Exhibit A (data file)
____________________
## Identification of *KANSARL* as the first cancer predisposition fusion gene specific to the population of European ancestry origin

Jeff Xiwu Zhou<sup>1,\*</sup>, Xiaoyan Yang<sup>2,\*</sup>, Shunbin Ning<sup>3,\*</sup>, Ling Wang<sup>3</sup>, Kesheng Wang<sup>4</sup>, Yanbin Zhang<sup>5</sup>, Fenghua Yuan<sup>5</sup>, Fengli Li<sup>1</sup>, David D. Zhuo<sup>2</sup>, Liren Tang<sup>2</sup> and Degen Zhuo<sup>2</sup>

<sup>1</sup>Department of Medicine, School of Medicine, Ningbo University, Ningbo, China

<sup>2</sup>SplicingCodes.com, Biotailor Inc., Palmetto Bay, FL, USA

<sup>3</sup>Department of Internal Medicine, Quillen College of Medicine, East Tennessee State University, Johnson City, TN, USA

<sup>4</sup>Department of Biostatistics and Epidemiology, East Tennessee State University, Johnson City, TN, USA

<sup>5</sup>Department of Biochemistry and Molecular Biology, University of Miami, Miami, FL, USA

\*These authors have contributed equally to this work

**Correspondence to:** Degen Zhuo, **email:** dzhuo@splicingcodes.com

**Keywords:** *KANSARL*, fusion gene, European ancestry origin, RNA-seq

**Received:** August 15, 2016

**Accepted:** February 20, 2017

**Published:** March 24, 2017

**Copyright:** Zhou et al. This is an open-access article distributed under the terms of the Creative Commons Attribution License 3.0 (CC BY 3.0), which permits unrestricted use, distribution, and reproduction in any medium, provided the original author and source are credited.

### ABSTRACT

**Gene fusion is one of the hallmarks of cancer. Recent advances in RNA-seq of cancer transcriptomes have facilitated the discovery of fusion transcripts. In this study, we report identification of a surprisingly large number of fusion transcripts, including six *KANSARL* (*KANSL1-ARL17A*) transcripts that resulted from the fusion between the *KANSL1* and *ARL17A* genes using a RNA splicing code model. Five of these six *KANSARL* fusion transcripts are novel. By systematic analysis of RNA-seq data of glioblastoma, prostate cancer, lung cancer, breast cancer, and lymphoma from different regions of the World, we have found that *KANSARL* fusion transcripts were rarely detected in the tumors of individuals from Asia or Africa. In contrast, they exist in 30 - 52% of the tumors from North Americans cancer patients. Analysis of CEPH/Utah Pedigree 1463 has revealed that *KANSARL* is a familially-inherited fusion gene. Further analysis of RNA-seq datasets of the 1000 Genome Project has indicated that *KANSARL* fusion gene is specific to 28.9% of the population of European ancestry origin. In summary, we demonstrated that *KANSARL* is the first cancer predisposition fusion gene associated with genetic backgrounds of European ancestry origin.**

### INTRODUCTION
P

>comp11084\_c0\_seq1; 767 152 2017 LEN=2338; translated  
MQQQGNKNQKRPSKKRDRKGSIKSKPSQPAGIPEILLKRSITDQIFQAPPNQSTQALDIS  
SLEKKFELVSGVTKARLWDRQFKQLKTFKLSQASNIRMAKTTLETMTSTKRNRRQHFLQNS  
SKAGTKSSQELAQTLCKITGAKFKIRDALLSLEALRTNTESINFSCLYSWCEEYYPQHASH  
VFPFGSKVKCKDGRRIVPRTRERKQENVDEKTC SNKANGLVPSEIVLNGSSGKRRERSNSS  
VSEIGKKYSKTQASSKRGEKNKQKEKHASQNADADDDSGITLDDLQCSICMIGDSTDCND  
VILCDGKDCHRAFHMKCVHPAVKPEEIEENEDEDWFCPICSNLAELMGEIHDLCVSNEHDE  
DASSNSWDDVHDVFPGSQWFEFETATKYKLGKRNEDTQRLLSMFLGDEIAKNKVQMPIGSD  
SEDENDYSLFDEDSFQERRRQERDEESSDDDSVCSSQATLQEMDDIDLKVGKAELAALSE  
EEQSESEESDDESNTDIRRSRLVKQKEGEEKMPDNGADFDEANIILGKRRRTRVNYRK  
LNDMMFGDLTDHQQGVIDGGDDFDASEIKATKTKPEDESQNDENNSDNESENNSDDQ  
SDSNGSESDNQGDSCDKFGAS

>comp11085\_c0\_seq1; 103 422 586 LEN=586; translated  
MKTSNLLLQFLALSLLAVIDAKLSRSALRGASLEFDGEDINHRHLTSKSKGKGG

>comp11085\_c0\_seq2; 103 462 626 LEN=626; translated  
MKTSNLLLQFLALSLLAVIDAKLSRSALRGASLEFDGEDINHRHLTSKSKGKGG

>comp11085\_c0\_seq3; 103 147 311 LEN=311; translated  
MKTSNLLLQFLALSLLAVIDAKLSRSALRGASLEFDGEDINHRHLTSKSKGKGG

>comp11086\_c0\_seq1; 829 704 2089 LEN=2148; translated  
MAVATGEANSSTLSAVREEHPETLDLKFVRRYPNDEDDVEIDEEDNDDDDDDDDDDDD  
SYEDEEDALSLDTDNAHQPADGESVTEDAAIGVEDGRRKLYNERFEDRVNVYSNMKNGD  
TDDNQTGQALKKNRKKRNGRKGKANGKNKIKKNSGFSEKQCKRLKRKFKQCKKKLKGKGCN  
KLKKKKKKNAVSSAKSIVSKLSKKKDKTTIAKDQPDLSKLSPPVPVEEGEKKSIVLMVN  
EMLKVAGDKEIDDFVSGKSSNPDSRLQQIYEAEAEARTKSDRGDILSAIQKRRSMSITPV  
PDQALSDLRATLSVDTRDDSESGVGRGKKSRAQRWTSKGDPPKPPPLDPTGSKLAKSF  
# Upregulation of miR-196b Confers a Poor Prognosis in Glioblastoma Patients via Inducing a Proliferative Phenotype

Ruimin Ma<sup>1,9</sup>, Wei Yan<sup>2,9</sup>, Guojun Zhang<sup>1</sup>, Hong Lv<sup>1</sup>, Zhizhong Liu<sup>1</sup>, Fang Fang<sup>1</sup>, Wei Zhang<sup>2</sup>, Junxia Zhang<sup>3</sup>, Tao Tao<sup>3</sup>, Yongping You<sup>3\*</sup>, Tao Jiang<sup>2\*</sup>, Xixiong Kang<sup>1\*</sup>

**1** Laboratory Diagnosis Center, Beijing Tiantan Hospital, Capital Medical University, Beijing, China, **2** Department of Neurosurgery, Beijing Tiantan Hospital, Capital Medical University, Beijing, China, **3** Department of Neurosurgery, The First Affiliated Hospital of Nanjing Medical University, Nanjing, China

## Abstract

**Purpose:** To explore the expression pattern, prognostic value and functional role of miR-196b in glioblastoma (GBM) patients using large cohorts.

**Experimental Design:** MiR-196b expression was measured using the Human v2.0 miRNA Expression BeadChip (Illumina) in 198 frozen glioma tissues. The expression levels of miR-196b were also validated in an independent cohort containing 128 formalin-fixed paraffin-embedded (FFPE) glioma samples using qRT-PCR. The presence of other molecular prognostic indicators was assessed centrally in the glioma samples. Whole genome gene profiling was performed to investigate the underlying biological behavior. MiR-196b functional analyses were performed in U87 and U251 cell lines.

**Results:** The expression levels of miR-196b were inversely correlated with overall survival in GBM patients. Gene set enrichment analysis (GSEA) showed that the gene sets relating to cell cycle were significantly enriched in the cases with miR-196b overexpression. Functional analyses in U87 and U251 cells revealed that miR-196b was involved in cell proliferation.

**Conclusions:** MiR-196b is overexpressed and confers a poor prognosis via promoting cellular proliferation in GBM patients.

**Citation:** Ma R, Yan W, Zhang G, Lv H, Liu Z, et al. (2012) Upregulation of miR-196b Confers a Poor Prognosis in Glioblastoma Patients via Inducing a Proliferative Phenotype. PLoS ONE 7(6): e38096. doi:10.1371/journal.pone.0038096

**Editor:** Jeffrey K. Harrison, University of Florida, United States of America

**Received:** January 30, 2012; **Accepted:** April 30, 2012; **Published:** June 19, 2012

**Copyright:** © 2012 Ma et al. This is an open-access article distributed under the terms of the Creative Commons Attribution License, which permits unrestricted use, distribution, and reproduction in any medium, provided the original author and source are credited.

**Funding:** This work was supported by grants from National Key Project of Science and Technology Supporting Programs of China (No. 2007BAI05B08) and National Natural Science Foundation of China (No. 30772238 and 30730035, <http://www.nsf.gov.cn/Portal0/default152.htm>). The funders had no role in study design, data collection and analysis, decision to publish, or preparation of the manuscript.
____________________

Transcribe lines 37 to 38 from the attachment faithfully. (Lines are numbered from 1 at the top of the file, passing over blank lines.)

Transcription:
>comp11086\_c0\_seq1; 829 704 2089 LEN=2148; translated  
MAVATGEANSSTLSAVREEHPETLDLKFVRRYPNDEDDVEIDEEDNDDDDDDDDDDDD  